|Vehicle||Entire value of one motor vehicle per licensed household member||$3,775|
|Wages||Exempt for personal services, except for the enforcement of court-ordered child support payments||Income you've earned but not yet received becomes part of your bankruptcy estate|
|Pension/retirement||Exempt, including benefits for teachers, police officers, municipal employees, etc.||Exempt, with a cap of about $1.28 million on IRAs and Roth IRAs|
How much does bankruptcy cost in Texas?
The cost of filing for bankruptcy varies greatly by jurisdiction. In Texas, the fees charged in the larger cities such as Dallas and Houston will be greater than in more rural areas. This is due, in large part, to the additional overhead required in the big cities to keep a practice going.
Generally speaking, there are two fees associated with filing for bankruptcy: the filing fee and the attorney’s fee. For a Chapter 7 case, the filing fee recently was raised to $335. If you’re unable to afford the filing fee, you can petition the court to have it waived or to pay it in installments. An average attorney’s fee for Chapter 7 case can range between $900-$2,000 depending on the complexity of the case.
There is a common misconception in the public that filing for bankruptcy is just “filling out some forms.” The reality is that some bankruptcy cases are extraordinarily complicated while others are fairly straightforward. A reputable law office will tailor their fee to your needs as well as to the amount of work that will be associated with your case. Many bankruptcy law firms offer installment plans and flexible payment arrangements.
Will I be eligible to file for Chapter 7 bankruptcy in Texas?
Thanks to the bankruptcy reforms of 2005, debtors seeking Chapter 7 protection must deal with the means test. The means test was put in place to make it more difficult to file Chapter 7 bankruptcy when debtors have the disposable income to repay some of their debts. As a result, those earning more than the median income in their state must pass the means test in order to qualify for Chapter 7 bankruptcy.
For a single filer in Texas filing bankruptcy after November 1, 2016, their income must be less than $46,127 or they will have to analyze their disposable income under the means test. It is important to remember that the means test calculates median income based on household size, so if your household is larger than a single individual, your median income will be compared against a family with a similar headcount. A good bankruptcy lawyer can walk you through the means test and help you determine whether you are eligible to file for Chapter 7.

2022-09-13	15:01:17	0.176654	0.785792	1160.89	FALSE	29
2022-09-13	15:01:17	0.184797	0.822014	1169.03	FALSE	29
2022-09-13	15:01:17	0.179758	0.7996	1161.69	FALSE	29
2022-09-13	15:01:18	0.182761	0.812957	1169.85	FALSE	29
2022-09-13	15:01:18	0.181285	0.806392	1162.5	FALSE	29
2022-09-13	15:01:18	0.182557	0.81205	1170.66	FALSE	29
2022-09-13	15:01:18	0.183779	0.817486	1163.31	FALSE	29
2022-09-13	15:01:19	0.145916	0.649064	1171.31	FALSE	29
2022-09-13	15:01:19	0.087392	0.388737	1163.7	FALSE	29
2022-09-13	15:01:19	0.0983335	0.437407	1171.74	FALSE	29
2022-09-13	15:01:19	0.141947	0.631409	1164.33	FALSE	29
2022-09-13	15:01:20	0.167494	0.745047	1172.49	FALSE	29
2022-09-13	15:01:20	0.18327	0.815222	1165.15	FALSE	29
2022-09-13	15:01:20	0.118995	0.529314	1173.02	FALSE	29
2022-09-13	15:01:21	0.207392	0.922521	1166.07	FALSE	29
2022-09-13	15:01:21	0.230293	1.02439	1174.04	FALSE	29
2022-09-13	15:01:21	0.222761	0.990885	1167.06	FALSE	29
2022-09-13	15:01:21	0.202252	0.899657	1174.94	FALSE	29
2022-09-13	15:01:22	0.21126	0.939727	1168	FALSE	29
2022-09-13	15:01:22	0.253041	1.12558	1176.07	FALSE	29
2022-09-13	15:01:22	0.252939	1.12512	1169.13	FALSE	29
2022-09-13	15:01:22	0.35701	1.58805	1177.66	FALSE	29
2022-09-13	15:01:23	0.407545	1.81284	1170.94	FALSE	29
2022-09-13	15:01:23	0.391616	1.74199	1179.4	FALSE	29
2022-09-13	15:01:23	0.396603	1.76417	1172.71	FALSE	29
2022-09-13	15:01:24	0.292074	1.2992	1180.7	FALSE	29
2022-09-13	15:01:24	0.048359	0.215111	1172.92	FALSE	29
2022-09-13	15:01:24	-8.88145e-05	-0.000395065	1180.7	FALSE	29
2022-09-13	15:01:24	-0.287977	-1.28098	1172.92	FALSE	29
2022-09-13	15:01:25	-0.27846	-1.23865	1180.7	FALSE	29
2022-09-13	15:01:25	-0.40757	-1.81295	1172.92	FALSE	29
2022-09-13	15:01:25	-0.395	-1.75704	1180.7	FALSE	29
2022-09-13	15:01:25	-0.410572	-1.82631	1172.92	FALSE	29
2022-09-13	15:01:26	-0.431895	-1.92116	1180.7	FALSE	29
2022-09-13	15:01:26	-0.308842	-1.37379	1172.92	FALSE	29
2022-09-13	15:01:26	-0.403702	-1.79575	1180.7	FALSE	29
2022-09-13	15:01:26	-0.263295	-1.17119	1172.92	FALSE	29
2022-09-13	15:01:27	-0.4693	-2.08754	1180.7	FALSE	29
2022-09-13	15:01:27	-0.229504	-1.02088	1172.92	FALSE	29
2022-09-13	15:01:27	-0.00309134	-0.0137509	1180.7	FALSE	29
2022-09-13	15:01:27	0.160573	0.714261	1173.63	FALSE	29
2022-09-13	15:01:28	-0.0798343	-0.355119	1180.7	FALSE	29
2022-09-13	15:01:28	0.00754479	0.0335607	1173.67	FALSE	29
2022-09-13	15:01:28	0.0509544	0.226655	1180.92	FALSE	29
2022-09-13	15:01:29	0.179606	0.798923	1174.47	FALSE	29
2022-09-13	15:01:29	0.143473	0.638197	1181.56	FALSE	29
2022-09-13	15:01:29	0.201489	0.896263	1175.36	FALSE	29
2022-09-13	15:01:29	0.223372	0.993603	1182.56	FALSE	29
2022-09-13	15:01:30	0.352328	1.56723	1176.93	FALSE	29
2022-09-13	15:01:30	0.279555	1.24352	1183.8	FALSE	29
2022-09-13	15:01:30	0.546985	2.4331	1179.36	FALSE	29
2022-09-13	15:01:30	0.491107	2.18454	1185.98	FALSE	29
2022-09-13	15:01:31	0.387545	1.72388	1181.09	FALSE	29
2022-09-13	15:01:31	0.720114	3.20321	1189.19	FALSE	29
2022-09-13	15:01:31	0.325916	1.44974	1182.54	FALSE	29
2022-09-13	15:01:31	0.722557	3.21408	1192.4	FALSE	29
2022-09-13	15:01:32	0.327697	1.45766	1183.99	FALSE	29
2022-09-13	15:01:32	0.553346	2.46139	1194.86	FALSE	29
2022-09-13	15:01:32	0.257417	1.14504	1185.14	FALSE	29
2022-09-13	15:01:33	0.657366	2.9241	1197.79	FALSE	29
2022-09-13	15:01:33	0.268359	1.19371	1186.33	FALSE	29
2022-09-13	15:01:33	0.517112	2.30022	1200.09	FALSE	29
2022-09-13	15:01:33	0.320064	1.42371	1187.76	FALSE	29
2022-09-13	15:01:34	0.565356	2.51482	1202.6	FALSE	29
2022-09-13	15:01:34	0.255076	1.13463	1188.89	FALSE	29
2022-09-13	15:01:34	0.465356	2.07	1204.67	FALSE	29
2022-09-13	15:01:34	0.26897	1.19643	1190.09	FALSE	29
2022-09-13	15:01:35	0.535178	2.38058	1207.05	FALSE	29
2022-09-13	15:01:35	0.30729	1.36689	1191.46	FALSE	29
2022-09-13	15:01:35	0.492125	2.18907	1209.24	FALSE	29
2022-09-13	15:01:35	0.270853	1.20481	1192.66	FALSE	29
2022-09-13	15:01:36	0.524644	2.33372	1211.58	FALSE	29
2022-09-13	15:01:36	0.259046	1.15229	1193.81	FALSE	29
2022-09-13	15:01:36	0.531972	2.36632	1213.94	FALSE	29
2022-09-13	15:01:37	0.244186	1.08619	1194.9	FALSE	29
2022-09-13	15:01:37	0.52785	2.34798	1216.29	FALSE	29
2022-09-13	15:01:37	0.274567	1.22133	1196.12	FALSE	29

Where is My Local Bankruptcy Court? Where Will My Meeting of Creditors be Held?
Like every other state in the union, Texas contains a series of state and federal courts to serve its residents. Because bankruptcy is a process organized under federal law, Texas bankruptcy courts are part of the federal court system.
Texas is a big state with four federal districts, each with numerous bankruptcy courts. Districts are further divided by division, which include courthouses for local residents. The 341 meeting of creditors usually takes place at the division courthouse nearest to your home. In most cases, bankruptcy filers are not obligated to attend court. The meeting of creditors rarely takes place in an actual courtroom.
The Eastern District of Texas Bankruptcy Court (Main Courthouses: Tyler, Plano, Beaumont)
According to the Eastern District of Texas Bankruptcy Court website, the Court serves the following areas:
The Eastern District of Texas consists of 43 counties in the eastern part of Texas from the Red River to the north to the Gulf of Mexico to the south. Information on counties and their serving offices can be viewed here.
The Northern District of Texas Bankruptcy Court (Main Courthouses: Amarillo, Dallas, Ft. Worth, Lubbock, San Angelo, Wichita Falls)
The official website for the Northern District of Texas Bankruptcy Court can be viewed here.
The Western District of Texas Bankruptcy Court (Main Courthouses: Austin, El Paso, Midland, San Antonio, Waco)
The official website for the Western District of Texas Bankruptcy Court can be viewed here.
The Southern District of Texas Bankruptcy Court (Main Courthouses: Brownsville, Corpus Christi, Galveston, Houston, Laredo, Mcallen, Victoria)
The official website for the Southern District of Texas Bankruptcy Court can be viewed here.